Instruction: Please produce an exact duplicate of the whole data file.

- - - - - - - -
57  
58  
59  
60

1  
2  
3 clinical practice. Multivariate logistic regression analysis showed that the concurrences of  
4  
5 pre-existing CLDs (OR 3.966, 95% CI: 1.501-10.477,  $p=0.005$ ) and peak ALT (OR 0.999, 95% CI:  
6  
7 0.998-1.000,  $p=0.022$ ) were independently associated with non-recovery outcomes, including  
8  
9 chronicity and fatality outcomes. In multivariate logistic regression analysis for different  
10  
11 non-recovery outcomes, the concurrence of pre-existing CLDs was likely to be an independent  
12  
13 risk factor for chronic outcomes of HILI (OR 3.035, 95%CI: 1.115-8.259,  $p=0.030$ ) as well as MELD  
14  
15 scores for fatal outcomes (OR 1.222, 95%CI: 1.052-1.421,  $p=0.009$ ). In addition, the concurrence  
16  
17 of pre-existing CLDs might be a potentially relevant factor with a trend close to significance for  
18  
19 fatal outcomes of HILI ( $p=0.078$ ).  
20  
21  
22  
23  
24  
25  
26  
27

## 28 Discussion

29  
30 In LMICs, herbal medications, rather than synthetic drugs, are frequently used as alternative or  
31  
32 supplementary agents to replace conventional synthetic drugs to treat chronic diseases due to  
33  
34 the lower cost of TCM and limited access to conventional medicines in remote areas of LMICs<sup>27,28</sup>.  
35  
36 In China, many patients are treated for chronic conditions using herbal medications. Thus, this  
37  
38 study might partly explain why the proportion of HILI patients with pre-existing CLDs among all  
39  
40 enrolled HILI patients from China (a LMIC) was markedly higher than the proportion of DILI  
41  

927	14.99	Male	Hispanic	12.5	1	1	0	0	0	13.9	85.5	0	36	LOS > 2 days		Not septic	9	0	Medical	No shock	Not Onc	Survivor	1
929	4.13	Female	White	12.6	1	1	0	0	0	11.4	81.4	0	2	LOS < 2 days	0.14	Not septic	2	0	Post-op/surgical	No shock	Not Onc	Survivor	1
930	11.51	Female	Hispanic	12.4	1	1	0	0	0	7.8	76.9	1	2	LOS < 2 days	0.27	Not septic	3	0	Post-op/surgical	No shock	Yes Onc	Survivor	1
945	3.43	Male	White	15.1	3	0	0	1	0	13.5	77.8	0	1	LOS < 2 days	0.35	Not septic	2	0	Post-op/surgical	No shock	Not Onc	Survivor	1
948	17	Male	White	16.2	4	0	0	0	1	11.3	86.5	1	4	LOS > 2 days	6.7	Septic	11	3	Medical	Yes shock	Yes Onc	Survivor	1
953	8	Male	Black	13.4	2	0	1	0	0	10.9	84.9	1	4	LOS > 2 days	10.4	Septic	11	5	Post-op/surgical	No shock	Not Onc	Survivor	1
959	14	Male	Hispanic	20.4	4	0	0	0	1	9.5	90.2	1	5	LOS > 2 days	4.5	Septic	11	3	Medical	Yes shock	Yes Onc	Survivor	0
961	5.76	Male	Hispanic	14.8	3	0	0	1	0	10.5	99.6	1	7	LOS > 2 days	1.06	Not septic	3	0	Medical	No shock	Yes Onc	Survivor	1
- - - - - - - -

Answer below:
57  
58  
59  
60

1  
2  
3 clinical practice. Multivariate logistic regression analysis showed that the concurrences of  
4  
5 pre-existing CLDs (OR 3.966, 95% CI: 1.501-10.477,  $p=0.005$ ) and peak ALT (OR 0.999, 95% CI:  
6  
7 0.998-1.000,  $p=0.022$ ) were independently associated with non-recovery outcomes, including  
8  
9 chronicity and fatality outcomes. In multivariate logistic regression analysis for different  
10  
11 non-recovery outcomes, the concurrence of pre-existing CLDs was likely to be an independent  
12  
13 risk factor for chronic outcomes of HILI (OR 3.035, 95%CI: 1.115-8.259,  $p=0.030$ ) as well as MELD  
14  
15 scores for fatal outcomes (OR 1.222, 95%CI: 1.052-1.421,  $p=0.009$ ). In addition, the concurrence  
16  
17 of pre-existing CLDs might be a potentially relevant factor with a trend close to significance for  
18  
19 fatal outcomes of HILI ( $p=0.078$ ).  
20  
21  
22  
23  
24  
25  
26  
27

## 28 Discussion

29  
30 In LMICs, herbal medications, rather than synthetic drugs, are frequently used as alternative or  
31  
32 supplementary agents to replace conventional synthetic drugs to treat chronic diseases due to  
33  
34 the lower cost of TCM and limited access to conventional medicines in remote areas of LMICs<sup>27,28</sup>.  
35  
36 In China, many patients are treated for chronic conditions using herbal medications. Thus, this  
37  
38 study might partly explain why the proportion of HILI patients with pre-existing CLDs among all  
39  
40 enrolled HILI patients from China (a LMIC) was markedly higher than the proportion of DILI  
41  

927	14.99	Male	Hispanic	12.5	1	1	0	0	0	13.9	85.5	0	36	LOS > 2 days		Not septic	9	0	Medical	No shock	Not Onc	Survivor	1
929	4.13	Female	White	12.6	1	1	0	0	0	11.4	81.4	0	2	LOS < 2 days	0.14	Not septic	2	0	Post-op/surgical	No shock	Not Onc	Survivor	1
930	11.51	Female	Hispanic	12.4	1	1	0	0	0	7.8	76.9	1	2	LOS < 2 days	0.27	Not septic	3	0	Post-op/surgical	No shock	Yes Onc	Survivor	1
945	3.43	Male	White	15.1	3	0	0	1	0	13.5	77.8	0	1	LOS < 2 days	0.35	Not septic	2	0	Post-op/surgical	No shock	Not Onc	Survivor	1
948	17	Male	White	16.2	4	0	0	0	1	11.3	86.5	1	4	LOS > 2 days	6.7	Septic	11	3	Medical	Yes shock	Yes Onc	Survivor	1
953	8	Male	Black	13.4	2	0	1	0	0	10.9	84.9	1	4	LOS > 2 days	10.4	Septic	11	5	Post-op/surgical	No shock	Not Onc	Survivor	1
959	14	Male	Hispanic	20.4	4	0	0	0	1	9.5	90.2	1	5	LOS > 2 days	4.5	Septic	11	3	Medical	Yes shock	Yes Onc	Survivor	0
961	5.76	Male	Hispanic	14.8	3	0	0	1	0	10.5	99.6	1	7	LOS > 2 days	1.06	Not septic	3	0	Medical	No shock	Yes Onc	Survivor	1